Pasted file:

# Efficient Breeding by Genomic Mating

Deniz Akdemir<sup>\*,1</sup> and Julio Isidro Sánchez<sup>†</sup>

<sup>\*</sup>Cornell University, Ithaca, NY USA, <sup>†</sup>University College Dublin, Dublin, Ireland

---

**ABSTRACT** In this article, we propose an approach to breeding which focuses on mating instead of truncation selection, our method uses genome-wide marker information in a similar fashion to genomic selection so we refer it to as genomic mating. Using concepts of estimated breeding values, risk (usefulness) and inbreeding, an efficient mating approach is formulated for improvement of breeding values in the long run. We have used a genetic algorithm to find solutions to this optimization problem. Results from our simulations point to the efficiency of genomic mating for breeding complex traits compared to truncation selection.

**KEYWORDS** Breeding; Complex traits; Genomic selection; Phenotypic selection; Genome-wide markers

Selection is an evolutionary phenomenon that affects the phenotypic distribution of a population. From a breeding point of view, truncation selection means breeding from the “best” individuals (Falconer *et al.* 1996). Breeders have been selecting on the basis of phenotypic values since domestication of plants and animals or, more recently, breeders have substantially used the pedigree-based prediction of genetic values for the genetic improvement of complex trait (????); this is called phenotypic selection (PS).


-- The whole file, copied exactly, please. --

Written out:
# Efficient Breeding by Genomic Mating

Deniz Akdemir<sup>\*,1</sup> and Julio Isidro Sánchez<sup>†</sup>

<sup>\*</sup>Cornell University, Ithaca, NY USA, <sup>†</sup>University College Dublin, Dublin, Ireland

---

**ABSTRACT** In this article, we propose an approach to breeding which focuses on mating instead of truncation selection, our method uses genome-wide marker information in a similar fashion to genomic selection so we refer it to as genomic mating. Using concepts of estimated breeding values, risk (usefulness) and inbreeding, an efficient mating approach is formulated for improvement of breeding values in the long run. We have used a genetic algorithm to find solutions to this optimization problem. Results from our simulations point to the efficiency of genomic mating for breeding complex traits compared to truncation selection.

**KEYWORDS** Breeding; Complex traits; Genomic selection; Phenotypic selection; Genome-wide markers

Selection is an evolutionary phenomenon that affects the phenotypic distribution of a population. From a breeding point of view, truncation selection means breeding from the “best” individuals (Falconer *et al.* 1996). Breeders have been selecting on the basis of phenotypic values since domestication of plants and animals or, more recently, breeders have substantially used the pedigree-based prediction of genetic values for the genetic improvement of complex trait (????); this is called phenotypic selection (PS).